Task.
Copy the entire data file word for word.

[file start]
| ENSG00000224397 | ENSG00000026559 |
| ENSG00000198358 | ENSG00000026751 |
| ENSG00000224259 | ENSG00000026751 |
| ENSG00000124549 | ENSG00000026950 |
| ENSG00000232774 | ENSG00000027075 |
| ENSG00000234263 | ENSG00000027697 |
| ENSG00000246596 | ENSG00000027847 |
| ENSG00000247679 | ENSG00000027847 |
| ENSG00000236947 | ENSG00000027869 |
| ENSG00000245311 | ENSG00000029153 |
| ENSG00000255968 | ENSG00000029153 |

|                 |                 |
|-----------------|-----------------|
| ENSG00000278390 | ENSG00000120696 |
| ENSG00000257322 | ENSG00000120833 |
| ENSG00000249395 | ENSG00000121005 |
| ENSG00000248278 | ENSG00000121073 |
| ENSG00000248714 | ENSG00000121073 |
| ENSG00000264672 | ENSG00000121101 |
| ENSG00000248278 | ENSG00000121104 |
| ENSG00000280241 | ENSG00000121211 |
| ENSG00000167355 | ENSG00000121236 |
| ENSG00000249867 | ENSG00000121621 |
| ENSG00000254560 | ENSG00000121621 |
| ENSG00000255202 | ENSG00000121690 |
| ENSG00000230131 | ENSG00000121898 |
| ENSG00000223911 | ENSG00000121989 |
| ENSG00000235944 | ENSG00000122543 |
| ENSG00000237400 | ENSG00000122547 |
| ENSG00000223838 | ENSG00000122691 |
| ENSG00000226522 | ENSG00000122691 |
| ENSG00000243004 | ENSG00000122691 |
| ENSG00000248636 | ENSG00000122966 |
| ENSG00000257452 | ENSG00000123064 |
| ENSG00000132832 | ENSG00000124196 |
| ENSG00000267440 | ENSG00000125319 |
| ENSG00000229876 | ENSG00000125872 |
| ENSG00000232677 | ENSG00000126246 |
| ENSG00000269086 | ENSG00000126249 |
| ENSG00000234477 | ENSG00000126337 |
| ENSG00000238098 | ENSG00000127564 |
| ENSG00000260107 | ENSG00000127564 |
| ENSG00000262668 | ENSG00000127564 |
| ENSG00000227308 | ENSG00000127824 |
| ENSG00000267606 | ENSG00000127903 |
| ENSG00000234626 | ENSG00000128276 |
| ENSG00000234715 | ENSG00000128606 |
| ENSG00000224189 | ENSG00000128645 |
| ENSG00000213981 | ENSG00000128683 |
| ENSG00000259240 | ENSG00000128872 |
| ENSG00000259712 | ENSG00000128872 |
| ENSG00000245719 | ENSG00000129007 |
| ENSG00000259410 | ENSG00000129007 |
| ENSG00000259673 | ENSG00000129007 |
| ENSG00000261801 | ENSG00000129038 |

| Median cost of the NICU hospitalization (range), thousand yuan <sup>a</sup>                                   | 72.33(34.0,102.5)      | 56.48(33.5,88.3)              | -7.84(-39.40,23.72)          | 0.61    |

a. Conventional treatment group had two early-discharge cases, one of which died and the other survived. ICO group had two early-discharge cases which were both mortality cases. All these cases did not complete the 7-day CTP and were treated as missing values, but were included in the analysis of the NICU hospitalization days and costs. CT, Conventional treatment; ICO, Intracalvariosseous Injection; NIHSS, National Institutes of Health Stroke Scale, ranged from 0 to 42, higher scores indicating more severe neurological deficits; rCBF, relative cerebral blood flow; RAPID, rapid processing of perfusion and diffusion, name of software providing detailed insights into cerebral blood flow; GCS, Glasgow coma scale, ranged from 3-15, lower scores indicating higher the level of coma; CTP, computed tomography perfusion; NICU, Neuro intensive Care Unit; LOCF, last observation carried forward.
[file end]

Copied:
| ENSG00000224397 | ENSG00000026559 |
| ENSG00000198358 | ENSG00000026751 |
| ENSG00000224259 | ENSG00000026751 |
| ENSG00000124549 | ENSG00000026950 |
| ENSG00000232774 | ENSG00000027075 |
| ENSG00000234263 | ENSG00000027697 |
| ENSG00000246596 | ENSG00000027847 |
| ENSG00000247679 | ENSG00000027847 |
| ENSG00000236947 | ENSG00000027869 |
| ENSG00000245311 | ENSG00000029153 |
| ENSG00000255968 | ENSG00000029153 |

|                 |                 |
|-----------------|-----------------|
| ENSG00000278390 | ENSG00000120696 |
| ENSG00000257322 | ENSG00000120833 |
| ENSG00000249395 | ENSG00000121005 |
| ENSG00000248278 | ENSG00000121073 |
| ENSG00000248714 | ENSG00000121073 |
| ENSG00000264672 | ENSG00000121101 |
| ENSG00000248278 | ENSG00000121104 |
| ENSG00000280241 | ENSG00000121211 |
| ENSG00000167355 | ENSG00000121236 |
| ENSG00000249867 | ENSG00000121621 |
| ENSG00000254560 | ENSG00000121621 |
| ENSG00000255202 | ENSG00000121690 |
| ENSG00000230131 | ENSG00000121898 |
| ENSG00000223911 | ENSG00000121989 |
| ENSG00000235944 | ENSG00000122543 |
| ENSG00000237400 | ENSG00000122547 |
| ENSG00000223838 | ENSG00000122691 |
| ENSG00000226522 | ENSG00000122691 |
| ENSG00000243004 | ENSG00000122691 |
| ENSG00000248636 | ENSG00000122966 |
| ENSG00000257452 | ENSG00000123064 |
| ENSG00000132832 | ENSG00000124196 |
| ENSG00000267440 | ENSG00000125319 |
| ENSG00000229876 | ENSG00000125872 |
| ENSG00000232677 | ENSG00000126246 |
| ENSG00000269086 | ENSG00000126249 |
| ENSG00000234477 | ENSG00000126337 |
| ENSG00000238098 | ENSG00000127564 |
| ENSG00000260107 | ENSG00000127564 |
| ENSG00000262668 | ENSG00000127564 |
| ENSG00000227308 | ENSG00000127824 |
| ENSG00000267606 | ENSG00000127903 |
| ENSG00000234626 | ENSG00000128276 |
| ENSG00000234715 | ENSG00000128606 |
| ENSG00000224189 | ENSG00000128645 |
| ENSG00000213981 | ENSG00000128683 |
| ENSG00000259240 | ENSG00000128872 |
| ENSG00000259712 | ENSG00000128872 |
| ENSG00000245719 | ENSG00000129007 |
| ENSG00000259410 | ENSG00000129007 |
| ENSG00000259673 | ENSG00000129007 |
| ENSG00000261801 | ENSG00000129038 |

| Median cost of the NICU hospitalization (range), thousand yuan <sup>a</sup>                                   | 72.33(34.0,102.5)      | 56.48(33.5,88.3)              | -7.84(-39.40,23.72)          | 0.61    |

a. Conventional treatment group had two early-discharge cases, one of which died and the other survived. ICO group had two early-discharge cases which were both mortality cases. All these cases did not complete the 7-day CTP and were treated as missing values, but were included in the analysis of the NICU hospitalization days and costs. CT, Conventional treatment; ICO, Intracalvariosseous Injection; NIHSS, National Institutes of Health Stroke Scale, ranged from 0 to 42, higher scores indicating more severe neurological deficits; rCBF, relative cerebral blood flow; RAPID, rapid processing of perfusion and diffusion, name of software providing detailed insights into cerebral blood flow; GCS, Glasgow coma scale, ranged from 3-15, lower scores indicating higher the level of coma; CTP, computed tomography perfusion; NICU, Neuro intensive Care Unit; LOCF, last observation carried forward.